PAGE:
The Biden administration declared on Wednesday that it supports lifting intellectual property rights for COVID-19 vaccinations.
U.S. Trade Representative Katherine Tai said on Twitter that “extraordinary times and circumstances call for extraordinary measures” adding that the United States accepts exemptions of intellectual property rights on COVID-19 vaccinations “to help end the pandemic” and will engage in World Trade Organization agreements to promote waivers.
“This is a global health crisis and the extraordinary circumstances of the COVID-19 pandemic call for extraordinary measures. The administration believes strongly in intellectual property protections, but in service of ending this pandemic, supports the waiver of those protections for COVID-19 vaccines,” she said.
Tai continued that the goal of the Biden administration is to “get as many safe and effective vaccines to as many people as fast as possible.”
“As our vaccine supply for the American people is secured, the Administration will continue to ramp up its efforts — working with the private sector and all possible partners — to expand vaccine manufacturing and distribution. It will also work to increase the raw materials needed to produce those vaccines,” she said.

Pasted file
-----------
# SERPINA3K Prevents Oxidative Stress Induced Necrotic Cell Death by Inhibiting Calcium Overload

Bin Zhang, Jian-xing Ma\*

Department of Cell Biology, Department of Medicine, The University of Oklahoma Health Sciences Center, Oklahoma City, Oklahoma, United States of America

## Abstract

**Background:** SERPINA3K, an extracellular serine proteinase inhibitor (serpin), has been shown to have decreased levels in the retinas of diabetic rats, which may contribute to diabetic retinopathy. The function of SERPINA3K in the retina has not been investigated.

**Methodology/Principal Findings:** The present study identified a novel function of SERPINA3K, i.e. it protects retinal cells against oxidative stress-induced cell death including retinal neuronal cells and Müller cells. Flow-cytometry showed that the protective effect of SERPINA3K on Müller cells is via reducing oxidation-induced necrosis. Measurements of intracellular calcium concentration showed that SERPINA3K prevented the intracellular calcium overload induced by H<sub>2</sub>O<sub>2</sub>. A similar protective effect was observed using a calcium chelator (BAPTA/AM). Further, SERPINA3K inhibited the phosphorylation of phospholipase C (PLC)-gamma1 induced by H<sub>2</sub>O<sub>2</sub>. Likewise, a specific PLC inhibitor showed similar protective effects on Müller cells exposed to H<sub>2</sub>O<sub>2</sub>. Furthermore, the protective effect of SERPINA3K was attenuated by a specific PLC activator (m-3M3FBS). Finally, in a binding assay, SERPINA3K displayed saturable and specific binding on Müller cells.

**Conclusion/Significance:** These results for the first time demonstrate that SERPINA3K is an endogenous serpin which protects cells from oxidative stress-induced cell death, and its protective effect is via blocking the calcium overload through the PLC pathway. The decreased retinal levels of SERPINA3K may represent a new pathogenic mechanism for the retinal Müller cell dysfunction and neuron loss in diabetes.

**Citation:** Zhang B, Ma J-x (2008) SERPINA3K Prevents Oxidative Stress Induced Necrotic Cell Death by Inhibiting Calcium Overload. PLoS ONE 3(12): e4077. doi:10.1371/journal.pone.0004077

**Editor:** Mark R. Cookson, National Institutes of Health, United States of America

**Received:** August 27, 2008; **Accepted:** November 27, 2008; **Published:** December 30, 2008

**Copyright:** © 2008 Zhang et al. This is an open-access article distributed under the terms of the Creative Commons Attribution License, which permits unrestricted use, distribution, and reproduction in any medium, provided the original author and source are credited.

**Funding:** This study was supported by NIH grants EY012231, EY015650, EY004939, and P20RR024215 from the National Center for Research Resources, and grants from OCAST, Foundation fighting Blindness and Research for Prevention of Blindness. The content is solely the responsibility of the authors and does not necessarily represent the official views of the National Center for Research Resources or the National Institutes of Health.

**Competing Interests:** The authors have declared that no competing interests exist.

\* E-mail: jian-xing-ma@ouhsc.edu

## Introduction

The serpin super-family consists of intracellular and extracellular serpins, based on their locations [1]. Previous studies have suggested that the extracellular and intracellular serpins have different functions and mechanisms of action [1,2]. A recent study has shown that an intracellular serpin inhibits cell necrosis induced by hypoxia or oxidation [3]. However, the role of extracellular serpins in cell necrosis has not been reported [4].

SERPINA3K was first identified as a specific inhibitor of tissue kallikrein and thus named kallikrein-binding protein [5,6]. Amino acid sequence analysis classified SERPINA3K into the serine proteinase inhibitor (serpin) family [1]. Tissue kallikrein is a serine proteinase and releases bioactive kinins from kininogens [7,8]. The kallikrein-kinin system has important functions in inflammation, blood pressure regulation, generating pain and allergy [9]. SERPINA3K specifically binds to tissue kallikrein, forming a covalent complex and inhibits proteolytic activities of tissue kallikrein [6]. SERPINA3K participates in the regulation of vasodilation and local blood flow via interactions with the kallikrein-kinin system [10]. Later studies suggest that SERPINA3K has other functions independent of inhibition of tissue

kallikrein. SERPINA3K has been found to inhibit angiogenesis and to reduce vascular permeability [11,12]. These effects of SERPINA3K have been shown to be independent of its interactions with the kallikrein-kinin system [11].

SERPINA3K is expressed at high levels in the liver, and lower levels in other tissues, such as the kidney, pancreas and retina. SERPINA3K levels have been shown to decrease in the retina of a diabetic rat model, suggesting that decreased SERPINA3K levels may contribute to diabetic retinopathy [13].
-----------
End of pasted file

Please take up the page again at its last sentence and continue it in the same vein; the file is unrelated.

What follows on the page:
Following the announcement, the stocks of pharmaceutical firms engaged in vaccine manufacturing plummeted, with Moderna falling 6.19 percent, BioNTech falling 3.45 percent, and Johnson & Johnson falling 0.42 percent. Pfizer’s shares ended the day unchanged, up 0.05 percent.
The statement came only one day after Vice President Joe Biden confirmed that the United States intends to see 70% of adults receiving at least one vaccination dose and 160 million individuals completely vaccinated by July 4.
It also coincides with a global increase in COVID-19 cases, especially in India, which reported 800,000 new cases in two days last week, with only 5% of citizens vaccinated and supplies in short supply.